a, ah, ai, ainn, ak, am, an, ang, ann, ap, at, au, ba, bah, bai, bak, ban, bang, bat, bau, be, beh, bi, bian, biat, biau, bih, bik, bin, bing, bio, bit, biu, bo, bok, bong, boo, bu, bua, buah, buan, buat, bue, bueh, bui, bun, but, e, eh, enn, ga, gai, gak, gam, gan, gang, gau, ge, gi, gia, giah, giam, gian, giang, giap, giat, giau, gik, gim, gin, ging, gio, gioh, giok, giong, giu, go, gok, gong, goo, gu, gua, guan, guat, gue, gueh, gui, ha, hah, hai, hainn, hak, ham, han, hang, hann, hannh, hap, hat, hau, he, heh, henn, hennh, hi, hia, hiah, hiam, hian, hiang, hiann, hiannh, hiap, hiat, hiau, hiauh, hik, him, hin, hing, hinn, hio, hioh, hiok, hiong, hip, hit, hiu, hiunn, hiunnh, hm, hmh, hng, hngh, ho, hoh, hok, hong, honn, honnh, hoo, hu, hua, huah, huai, huainn, huan, huann, huat, hue, hueh, hui, hun, hut, i, ia, iah, iam, ian, iang, iann, iap, iat, iau, iaunn, ik, im, in, ing, inn, io, ioh, iok, iong, ip, it, iu, iunn, ji, jia, jiam, jian, jiang, jiap, jiat, jiau, jim, jin, jio, jiok, jiong, jip, jit, jiu, ju, juah, jue, jun, ka, kah, kai, kainn, kak, kam, kan, kang, kann, kap, kat, kau, kauh, ke, keh, kenn, kha, khah, khai, khainn, khak, kham, khan, khang, khann, khap, khat, khau, khe, kheh, khenn, khennh, khi, khia, khiah, khiak, khiam, khian, khiang, khiap, khiat, khiau, khiauh, khih, khik, khim, khin, khing, khinn, khio, khioh, khiok, khiong, khip, khit, khiu, khiunn, khng, kho, khok, khong, khoo, khu, khua, khuah, khuai, khuan, khuann, khuat, khue, khueh, khuh, khui, khun, khut, ki, kia, kiah, kiam, kian, kiann, kiap, kiat, kiau, kik, kim, kin, king, kinn, kio, kioh, kiok, kiong, kip, kit, kiu, kiunn, kng, ko, koh, kok, kong, konn, koo, ku, kua, kuah, kuai, kuainn, kuan, kuann, kuat, kue, kueh, kui, kun, kut, la, lah, lai, lak, lam, lan, lang, lap, lat, lau, lauh, le, leh, li, liah, liam, lian, liang, liap, liat, liau, lih, lik, lim, lin, ling, lio, lioh, liok, liong, lip, liu, lo, loh, lok, long, loo, lu, lua, luah, luan, luat, lue, lui, lun, lut, m, ma, mai, mau, mauh, me, meh, mi, mia, miau, mih, mng, moo, mooh, mua, mui, na, nah, nai, nau, nauh, ne, neh, ng, nga, ngai, ngau, nge, ngeh, ngia, ngiau, ngiauh, ngoo, ni, nia, niau, nih, niu, nng, noo, nua, o, oh, ok, om, ong, onn, oo, pa, pah, pai, pak, pan, pang, pat, pau, pe, peh, penn, pha, phah, phai, phainn, phak, phan, phang, phann, phau, phauh, phe, phenn, phi, phiah, phiak, phian, phiang, phiann, phiat, phiau, phih, phik, phin, phing, phinn, phio, phit, phngh, pho, phoh, phok, phong, phoo, phu, phua, phuah, phuan, phuann, phuat, phue, phueh, phuh, phui, phun, phut, pi, piah, piak, pian, piang, piann, piat, piau, pih, pik, pin, ping, pinn, pio, pit, piu, png, po, poh, pok, pong, poo, pu, pua, puah, puan, puann, puat, pue, pueh, puh, pui, pun, put, sa, sah, sai, sak, sam, san, sang, sann, sannh, sap, sat, sau, se, seh, senn, si, sia, siah, siak, siam, sian, siang, siann, siap, siat, siau, sih, sik, sim, sin, sing, sinn, sio, sioh, siok, siong, sip, sit, siu, siunn, sng, sngh, so, soh, sok, som, song, soo, su, sua, suah, suai, suainn, suan, suann, suat, sue, sueh, suh, sui, sun, sut, ta, tah, tai, tainn, tak, tam, tan, tang, tann, tap, tat, tau, tauh, te, teh, tenn, tha, thah, thai, thak, tham, than, thang, thann, thap, that, thau, the, theh, thenn, thi, thiah, thiam, thian, thiann, thiap, thiat, thiau, thih, thik, thim, thin, thing, thinn, thio, thiok, thiong, thiu, thng, tho, thoh, thok, thong, thoo, thu, thua, thuah, thuan, thuann, thuat, thuh, thui, thun, thut, ti, tia, tiah, tiak, tiam, tian, tiann, tiap, tiat, tiau, tih, tik, tim, tin, ting, tinn, tinnh, tio, tioh, tiok, tiong, tit, tiu, tiuh, tiunn, tng, to, toh, tok, tom, tong, too, tsa, tsah, tsai, tsainn, tsak, tsam, tsan, tsang, tsann, tsap, tsat, tsau, tse, tseh, tsenn, tsha, tshah, tshai, tshak, tsham, tshan, tshang, tshann, tshap, tshat, tshau, tshauh, tshe, tsheh, tshenn, tshi, tshia, tshiah, tshiak, tshiam, tshian, tshiang, tshiann, tshiap, tshiat, tshiau, tshih, tshik, tshim, tshin, tshing, tshinn, tshio, tshioh, tshiok, tshiong, tship, tshit, tshiu, tshiunn, tshng, tshngh, tsho, tshoh, tshok, tshong, tshoo, tshu, tshua, tshuah, tshuan, tshuang, tshuann, tshue, tshuh, tshui, tshun, tshut, tsi, tsia, tsiah, tsiam, tsian, tsiang, tsiann, tsiap, tsiat, tsiau, tsih, tsik, tsim, tsin, tsing, tsinn, tsio, tsioh, tsiok, tsiong, tsip, tsit, tsiu, tsiunn, tsng, tso, tsoh, tsok, tsong, tsoo, tsu, tsua, tsuah, tsuainn, tsuan, tsuann, tsuat, tsue, tsuh, tsui, tsun, tsut, tu, tua, tuan, tuann, tuat, tue, tuh, tui, tun, tut, u, ua, uah, uai, uainn, uan, uang, uann, uat, ue, ueh, uh, ui, un, ut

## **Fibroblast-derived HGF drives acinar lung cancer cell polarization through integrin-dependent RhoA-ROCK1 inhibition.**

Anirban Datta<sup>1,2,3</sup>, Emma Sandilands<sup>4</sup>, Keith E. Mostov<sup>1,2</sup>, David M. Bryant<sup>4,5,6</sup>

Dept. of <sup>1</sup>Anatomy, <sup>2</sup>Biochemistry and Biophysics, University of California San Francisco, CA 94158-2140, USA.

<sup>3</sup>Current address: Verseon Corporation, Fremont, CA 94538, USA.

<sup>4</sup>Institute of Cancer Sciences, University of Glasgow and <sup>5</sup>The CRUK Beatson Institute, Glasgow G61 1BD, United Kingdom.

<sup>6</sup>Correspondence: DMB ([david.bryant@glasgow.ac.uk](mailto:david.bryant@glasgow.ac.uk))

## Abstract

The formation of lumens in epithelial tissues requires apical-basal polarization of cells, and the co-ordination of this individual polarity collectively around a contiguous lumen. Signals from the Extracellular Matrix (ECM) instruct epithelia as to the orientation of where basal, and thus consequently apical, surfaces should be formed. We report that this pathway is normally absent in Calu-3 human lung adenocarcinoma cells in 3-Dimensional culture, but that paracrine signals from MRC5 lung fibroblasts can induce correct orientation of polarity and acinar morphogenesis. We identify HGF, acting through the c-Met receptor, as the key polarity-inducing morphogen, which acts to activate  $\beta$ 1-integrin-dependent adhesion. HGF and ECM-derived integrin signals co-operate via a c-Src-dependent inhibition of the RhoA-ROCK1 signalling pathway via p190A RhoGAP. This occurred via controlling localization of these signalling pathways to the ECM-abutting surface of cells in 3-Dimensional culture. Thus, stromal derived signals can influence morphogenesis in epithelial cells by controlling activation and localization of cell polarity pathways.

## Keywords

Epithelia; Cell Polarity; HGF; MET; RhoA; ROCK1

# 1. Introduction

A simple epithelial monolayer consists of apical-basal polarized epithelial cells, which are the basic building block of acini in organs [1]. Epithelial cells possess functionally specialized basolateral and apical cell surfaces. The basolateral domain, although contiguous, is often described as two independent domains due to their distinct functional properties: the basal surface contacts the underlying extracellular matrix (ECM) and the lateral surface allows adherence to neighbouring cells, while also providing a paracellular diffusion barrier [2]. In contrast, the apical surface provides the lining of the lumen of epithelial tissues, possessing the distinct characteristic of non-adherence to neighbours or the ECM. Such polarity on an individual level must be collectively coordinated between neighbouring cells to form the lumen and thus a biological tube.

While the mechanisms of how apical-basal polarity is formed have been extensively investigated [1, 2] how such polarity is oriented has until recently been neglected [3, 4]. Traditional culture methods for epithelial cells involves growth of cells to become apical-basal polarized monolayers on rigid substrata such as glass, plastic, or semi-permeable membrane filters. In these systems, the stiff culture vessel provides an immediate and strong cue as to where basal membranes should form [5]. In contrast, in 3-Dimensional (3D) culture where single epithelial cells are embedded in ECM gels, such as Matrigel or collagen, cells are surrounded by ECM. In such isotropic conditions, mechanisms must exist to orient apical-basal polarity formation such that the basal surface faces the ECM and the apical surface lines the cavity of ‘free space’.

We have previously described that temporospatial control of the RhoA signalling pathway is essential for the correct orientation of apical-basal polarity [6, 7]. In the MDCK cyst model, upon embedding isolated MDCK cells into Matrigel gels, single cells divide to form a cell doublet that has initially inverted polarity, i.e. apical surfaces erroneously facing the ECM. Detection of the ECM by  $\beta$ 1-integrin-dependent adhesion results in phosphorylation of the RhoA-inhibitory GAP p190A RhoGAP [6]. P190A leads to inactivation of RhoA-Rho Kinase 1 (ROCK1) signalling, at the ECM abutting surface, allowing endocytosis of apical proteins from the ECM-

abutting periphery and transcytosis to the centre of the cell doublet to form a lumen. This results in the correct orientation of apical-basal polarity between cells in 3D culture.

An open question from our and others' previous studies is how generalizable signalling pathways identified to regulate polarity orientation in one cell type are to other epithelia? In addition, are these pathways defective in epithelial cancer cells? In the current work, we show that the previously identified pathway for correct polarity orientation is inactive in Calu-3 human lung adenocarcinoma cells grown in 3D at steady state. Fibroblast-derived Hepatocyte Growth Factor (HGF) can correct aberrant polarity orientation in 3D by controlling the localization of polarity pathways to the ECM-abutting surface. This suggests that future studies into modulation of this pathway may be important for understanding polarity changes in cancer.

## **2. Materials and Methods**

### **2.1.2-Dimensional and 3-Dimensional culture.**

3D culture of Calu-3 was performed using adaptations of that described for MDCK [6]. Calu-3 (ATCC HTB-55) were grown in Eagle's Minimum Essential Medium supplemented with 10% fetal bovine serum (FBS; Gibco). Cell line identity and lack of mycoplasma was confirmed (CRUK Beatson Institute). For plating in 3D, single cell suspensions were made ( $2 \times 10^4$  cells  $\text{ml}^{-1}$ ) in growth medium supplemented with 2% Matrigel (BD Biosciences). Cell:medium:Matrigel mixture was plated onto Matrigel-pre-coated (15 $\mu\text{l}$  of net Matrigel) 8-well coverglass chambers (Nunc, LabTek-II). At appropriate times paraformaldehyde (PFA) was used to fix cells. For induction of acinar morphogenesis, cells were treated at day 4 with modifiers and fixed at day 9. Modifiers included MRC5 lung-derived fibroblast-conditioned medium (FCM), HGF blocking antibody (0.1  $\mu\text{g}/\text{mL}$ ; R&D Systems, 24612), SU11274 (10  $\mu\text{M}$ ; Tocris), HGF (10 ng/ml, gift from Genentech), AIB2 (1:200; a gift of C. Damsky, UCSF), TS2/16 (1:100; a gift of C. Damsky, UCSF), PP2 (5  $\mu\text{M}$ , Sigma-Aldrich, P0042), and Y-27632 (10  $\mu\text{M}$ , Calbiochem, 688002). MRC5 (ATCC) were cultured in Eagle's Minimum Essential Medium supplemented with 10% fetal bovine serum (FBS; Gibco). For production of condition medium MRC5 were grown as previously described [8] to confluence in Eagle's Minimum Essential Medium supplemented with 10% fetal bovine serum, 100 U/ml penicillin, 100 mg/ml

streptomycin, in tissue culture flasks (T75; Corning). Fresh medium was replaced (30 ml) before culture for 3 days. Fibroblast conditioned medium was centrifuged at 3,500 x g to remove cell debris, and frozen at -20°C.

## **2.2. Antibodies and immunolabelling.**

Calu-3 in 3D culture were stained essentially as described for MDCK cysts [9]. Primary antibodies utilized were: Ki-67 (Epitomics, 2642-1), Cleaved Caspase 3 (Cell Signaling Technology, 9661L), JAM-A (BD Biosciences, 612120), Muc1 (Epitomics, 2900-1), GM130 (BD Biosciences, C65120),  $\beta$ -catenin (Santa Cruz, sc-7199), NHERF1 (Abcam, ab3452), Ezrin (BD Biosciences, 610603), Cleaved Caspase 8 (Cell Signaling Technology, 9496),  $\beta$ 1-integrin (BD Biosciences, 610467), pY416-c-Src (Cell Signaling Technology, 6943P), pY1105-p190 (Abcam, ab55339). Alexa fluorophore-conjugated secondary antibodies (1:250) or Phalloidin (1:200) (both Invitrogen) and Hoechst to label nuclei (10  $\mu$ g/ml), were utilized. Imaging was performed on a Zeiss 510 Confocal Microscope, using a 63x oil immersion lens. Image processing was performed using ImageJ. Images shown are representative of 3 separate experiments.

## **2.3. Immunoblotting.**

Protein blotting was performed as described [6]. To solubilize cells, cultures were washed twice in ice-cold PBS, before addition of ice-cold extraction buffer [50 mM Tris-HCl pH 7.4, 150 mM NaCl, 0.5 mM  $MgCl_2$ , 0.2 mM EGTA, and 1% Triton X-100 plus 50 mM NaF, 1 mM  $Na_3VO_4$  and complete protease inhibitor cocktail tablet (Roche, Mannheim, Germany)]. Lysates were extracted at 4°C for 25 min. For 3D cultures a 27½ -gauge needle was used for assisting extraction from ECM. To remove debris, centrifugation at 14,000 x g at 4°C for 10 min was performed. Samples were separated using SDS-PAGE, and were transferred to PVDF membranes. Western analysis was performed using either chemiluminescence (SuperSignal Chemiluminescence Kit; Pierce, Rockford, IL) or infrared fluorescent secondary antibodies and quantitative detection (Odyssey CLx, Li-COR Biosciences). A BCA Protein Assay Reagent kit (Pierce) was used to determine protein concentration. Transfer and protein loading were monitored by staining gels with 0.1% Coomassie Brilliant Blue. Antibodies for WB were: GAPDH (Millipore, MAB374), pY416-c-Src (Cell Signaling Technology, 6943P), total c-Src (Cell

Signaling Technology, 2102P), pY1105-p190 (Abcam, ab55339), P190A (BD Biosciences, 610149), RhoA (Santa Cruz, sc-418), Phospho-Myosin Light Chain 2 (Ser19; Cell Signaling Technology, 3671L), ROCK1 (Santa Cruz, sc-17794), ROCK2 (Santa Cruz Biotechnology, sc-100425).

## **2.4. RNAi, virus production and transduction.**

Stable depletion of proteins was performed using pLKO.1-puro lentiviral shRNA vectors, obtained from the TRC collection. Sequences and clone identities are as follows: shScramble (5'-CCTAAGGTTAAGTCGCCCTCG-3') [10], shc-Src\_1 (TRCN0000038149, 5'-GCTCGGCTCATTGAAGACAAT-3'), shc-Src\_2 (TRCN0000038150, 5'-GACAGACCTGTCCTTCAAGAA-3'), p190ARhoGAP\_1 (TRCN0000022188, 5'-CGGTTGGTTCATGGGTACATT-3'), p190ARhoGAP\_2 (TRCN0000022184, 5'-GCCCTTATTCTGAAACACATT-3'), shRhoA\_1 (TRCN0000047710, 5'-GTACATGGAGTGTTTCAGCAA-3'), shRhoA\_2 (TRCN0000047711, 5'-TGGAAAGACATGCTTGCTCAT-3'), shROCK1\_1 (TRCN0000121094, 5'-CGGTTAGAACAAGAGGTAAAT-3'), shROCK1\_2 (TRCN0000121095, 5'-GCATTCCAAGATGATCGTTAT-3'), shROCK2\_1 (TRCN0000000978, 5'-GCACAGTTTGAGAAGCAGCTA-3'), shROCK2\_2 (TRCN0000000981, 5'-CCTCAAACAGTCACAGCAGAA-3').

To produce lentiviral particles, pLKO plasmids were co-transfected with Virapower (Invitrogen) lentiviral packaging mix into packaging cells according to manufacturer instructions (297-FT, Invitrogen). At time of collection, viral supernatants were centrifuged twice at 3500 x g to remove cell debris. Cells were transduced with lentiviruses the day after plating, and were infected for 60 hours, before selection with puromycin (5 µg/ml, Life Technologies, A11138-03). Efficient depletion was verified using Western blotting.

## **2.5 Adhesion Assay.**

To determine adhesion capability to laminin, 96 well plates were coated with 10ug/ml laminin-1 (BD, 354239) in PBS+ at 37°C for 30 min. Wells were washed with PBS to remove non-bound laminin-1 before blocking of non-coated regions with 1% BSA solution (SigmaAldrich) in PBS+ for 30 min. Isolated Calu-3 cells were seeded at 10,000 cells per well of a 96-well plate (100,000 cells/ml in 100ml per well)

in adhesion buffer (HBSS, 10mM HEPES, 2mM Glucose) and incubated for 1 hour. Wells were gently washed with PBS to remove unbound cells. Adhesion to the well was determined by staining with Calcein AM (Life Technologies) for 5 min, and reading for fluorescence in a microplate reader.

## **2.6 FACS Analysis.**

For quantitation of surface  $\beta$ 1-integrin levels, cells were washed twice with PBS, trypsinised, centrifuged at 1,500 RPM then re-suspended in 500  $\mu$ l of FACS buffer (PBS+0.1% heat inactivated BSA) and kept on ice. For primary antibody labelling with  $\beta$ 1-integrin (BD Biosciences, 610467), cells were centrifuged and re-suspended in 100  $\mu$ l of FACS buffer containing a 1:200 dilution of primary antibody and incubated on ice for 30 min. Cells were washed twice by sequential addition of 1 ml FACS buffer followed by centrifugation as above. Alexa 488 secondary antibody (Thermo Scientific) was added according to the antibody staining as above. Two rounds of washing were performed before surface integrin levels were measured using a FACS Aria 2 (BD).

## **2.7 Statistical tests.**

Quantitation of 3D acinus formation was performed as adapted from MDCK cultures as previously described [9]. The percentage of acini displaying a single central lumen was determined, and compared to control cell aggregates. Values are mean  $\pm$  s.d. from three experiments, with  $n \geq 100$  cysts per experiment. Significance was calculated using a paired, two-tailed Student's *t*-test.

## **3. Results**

reviews of books related to China and linguistics (2)